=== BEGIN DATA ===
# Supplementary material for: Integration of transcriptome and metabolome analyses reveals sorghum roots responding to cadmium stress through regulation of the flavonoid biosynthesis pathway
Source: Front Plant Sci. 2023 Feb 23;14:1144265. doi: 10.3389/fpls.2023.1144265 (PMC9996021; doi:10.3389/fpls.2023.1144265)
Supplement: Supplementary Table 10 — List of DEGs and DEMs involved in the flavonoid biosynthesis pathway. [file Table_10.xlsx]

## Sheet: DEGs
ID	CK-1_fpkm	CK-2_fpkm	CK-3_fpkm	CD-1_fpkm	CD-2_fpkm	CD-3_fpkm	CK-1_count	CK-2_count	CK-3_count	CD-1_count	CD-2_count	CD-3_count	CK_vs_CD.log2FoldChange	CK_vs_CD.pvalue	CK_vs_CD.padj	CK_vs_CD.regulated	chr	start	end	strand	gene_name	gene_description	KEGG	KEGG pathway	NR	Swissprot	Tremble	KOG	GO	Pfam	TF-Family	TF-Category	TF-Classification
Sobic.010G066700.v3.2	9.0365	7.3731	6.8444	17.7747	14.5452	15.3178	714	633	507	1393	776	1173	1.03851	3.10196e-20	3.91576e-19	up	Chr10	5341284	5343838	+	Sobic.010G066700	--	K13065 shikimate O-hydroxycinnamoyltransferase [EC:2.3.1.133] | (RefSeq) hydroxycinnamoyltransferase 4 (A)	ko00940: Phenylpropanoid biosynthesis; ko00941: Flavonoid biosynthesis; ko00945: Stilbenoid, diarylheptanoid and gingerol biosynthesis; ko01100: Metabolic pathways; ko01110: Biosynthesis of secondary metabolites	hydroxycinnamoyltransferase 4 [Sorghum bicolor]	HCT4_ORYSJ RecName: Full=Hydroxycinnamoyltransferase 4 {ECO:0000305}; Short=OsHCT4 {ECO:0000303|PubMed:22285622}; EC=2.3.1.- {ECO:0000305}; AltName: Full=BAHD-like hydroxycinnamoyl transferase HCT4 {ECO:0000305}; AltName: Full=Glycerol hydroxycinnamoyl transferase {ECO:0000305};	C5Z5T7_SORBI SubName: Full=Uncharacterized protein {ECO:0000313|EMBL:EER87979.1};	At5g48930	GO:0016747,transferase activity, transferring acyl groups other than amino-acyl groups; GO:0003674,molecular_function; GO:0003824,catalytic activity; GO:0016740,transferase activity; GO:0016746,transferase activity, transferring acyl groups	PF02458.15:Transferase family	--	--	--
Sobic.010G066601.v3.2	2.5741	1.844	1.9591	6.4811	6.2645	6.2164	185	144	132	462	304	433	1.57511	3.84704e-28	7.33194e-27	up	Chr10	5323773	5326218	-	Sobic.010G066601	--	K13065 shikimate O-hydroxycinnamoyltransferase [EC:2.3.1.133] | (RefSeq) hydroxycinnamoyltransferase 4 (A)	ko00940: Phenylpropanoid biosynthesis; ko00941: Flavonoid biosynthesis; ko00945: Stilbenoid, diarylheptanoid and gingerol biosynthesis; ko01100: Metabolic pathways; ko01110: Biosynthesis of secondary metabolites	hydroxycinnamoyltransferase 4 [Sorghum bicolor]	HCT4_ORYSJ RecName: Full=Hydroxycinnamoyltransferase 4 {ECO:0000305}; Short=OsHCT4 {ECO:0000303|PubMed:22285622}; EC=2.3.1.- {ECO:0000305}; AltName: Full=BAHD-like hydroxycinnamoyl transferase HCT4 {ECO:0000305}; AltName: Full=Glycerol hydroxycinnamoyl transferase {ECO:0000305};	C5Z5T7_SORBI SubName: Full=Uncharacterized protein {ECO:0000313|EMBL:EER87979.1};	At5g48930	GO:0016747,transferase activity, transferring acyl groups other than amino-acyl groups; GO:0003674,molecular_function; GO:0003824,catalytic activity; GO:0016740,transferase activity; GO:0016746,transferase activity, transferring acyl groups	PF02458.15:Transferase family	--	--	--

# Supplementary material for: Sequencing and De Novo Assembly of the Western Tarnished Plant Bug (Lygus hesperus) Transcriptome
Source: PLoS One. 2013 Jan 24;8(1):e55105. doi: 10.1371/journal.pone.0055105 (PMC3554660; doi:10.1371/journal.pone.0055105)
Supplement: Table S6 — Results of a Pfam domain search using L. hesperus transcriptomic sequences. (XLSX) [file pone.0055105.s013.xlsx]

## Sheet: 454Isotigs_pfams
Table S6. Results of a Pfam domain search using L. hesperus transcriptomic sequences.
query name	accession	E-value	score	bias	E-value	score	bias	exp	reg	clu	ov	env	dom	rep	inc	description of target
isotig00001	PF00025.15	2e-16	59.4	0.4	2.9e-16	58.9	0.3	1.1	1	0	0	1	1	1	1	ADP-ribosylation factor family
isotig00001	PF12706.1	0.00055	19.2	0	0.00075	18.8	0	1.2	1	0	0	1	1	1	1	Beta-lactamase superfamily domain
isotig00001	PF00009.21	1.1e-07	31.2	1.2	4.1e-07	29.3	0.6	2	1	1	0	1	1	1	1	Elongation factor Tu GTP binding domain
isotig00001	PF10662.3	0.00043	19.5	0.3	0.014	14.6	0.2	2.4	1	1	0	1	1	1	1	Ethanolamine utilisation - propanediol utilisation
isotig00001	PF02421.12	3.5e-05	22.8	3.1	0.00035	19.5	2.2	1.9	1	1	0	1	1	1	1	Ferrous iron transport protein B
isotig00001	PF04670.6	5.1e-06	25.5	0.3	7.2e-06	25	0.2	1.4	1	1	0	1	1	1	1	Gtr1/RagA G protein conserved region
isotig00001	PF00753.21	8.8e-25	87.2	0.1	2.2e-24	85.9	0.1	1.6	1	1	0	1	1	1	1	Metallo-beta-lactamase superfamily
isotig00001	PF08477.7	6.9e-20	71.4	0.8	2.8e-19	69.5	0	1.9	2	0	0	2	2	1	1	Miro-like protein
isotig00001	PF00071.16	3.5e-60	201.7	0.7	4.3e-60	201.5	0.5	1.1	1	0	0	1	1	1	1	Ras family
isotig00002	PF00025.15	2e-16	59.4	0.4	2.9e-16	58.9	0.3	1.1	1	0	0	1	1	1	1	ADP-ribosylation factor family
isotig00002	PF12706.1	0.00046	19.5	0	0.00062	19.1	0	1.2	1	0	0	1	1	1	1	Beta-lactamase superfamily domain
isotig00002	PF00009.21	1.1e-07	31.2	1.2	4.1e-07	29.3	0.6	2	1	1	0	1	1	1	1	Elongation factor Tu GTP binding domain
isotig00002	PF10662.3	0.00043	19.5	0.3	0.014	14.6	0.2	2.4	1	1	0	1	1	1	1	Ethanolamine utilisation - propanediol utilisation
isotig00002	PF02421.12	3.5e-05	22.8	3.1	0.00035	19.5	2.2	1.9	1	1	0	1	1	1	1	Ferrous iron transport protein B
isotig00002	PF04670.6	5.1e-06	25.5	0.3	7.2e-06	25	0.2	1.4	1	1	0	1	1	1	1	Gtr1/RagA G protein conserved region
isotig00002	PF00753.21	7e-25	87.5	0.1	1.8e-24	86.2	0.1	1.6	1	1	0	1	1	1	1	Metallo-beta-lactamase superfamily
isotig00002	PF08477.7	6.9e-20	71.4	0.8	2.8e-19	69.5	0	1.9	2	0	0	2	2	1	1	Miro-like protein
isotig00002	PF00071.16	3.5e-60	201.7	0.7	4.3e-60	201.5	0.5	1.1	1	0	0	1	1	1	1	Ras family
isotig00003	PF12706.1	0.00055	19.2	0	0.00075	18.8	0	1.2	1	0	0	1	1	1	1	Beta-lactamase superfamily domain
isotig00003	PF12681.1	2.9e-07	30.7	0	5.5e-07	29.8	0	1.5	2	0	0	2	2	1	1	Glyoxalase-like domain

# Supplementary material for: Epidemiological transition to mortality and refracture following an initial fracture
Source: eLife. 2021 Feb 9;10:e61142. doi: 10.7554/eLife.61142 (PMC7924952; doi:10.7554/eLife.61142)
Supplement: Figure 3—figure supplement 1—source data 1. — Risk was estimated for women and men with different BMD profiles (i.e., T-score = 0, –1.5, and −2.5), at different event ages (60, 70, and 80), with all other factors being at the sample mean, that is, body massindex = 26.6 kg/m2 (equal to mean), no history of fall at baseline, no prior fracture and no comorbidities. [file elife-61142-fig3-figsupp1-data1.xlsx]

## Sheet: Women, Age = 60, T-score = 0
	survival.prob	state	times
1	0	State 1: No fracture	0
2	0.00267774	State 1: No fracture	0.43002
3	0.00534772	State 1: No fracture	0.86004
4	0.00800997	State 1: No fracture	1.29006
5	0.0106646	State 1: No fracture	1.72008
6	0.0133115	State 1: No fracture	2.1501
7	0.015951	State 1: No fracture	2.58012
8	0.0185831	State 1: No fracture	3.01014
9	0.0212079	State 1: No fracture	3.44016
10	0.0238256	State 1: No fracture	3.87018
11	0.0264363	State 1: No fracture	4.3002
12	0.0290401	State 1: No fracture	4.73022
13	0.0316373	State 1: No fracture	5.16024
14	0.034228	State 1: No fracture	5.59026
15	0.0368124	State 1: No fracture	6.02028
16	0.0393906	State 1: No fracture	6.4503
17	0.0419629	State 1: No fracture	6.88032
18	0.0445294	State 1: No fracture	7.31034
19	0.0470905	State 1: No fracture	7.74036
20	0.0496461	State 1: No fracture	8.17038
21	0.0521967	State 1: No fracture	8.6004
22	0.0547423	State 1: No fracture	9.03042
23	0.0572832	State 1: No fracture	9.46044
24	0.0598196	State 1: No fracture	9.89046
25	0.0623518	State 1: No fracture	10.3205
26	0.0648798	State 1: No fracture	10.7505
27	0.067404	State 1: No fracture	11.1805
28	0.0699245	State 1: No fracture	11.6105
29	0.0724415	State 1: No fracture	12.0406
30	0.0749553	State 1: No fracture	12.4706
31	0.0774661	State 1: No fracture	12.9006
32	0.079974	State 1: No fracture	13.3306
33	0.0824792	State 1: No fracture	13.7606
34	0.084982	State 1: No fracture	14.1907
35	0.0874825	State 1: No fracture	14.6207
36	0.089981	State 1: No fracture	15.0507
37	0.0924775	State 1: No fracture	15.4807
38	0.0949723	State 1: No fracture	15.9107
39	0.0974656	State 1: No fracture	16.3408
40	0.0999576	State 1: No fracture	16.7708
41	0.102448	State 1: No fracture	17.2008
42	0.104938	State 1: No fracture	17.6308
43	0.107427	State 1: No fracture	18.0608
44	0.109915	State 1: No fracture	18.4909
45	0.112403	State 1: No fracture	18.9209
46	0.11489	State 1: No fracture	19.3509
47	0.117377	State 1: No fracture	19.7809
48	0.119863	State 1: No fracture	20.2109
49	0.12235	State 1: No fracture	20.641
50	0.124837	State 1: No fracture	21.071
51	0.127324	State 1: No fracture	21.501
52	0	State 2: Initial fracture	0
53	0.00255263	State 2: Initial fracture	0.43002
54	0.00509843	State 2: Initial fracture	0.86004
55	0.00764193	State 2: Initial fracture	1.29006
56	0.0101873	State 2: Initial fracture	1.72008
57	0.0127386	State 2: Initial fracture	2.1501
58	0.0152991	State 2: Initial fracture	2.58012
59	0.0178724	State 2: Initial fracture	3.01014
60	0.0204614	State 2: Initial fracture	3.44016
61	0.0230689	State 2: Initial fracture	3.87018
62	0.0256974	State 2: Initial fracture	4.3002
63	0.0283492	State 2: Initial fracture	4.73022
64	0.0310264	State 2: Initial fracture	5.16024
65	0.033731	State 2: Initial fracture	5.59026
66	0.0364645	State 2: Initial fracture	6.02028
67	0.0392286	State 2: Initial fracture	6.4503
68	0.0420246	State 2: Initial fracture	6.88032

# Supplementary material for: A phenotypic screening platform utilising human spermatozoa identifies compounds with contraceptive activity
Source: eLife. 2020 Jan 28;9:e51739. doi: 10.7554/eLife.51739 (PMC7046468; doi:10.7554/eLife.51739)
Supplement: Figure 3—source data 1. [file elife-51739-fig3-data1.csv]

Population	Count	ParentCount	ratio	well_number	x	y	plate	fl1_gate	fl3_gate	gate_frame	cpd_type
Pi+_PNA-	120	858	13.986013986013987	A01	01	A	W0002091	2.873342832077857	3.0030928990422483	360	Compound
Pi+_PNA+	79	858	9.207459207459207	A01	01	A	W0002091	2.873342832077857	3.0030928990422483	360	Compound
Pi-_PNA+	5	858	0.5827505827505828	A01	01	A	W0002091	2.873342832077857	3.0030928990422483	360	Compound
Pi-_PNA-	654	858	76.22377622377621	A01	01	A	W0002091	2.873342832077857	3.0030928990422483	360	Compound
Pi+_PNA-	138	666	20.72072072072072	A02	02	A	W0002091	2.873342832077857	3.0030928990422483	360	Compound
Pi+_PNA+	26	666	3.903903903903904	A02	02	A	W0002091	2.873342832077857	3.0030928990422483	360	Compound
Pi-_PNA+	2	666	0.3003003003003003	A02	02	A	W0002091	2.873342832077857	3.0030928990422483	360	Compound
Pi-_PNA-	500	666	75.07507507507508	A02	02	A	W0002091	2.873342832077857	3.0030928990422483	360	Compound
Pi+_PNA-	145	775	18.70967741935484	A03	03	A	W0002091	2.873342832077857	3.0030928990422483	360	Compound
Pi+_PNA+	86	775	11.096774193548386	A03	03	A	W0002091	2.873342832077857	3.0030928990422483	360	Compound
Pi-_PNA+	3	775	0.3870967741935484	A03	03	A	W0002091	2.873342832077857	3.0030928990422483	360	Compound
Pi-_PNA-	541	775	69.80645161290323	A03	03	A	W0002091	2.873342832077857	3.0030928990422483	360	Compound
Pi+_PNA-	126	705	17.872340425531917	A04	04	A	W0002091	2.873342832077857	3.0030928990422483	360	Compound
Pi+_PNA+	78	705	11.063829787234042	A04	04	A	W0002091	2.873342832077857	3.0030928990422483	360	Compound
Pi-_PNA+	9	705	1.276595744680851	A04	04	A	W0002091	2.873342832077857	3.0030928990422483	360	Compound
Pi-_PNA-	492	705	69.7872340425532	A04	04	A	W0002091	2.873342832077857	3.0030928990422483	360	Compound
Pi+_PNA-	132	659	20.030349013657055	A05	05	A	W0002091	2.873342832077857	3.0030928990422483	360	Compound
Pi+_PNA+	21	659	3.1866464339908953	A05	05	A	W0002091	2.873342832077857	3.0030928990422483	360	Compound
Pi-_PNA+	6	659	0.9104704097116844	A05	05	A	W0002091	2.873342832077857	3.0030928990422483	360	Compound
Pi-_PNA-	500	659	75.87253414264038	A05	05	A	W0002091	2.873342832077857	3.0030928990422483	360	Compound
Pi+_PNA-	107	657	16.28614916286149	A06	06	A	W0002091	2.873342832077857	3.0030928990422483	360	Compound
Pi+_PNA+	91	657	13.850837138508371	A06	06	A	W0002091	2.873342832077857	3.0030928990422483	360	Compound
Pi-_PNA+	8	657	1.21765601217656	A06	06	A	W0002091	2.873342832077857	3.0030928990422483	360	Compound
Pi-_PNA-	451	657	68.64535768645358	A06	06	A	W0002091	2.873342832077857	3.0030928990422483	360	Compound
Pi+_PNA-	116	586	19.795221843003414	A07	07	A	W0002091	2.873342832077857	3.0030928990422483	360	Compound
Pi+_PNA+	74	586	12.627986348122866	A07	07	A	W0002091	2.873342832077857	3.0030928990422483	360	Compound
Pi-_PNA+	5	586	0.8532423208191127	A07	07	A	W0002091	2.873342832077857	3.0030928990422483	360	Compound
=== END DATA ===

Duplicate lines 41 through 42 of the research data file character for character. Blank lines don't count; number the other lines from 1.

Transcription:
3	0.00534772	State 1: No fracture	0.86004
4	0.00800997	State 1: No fracture	1.29006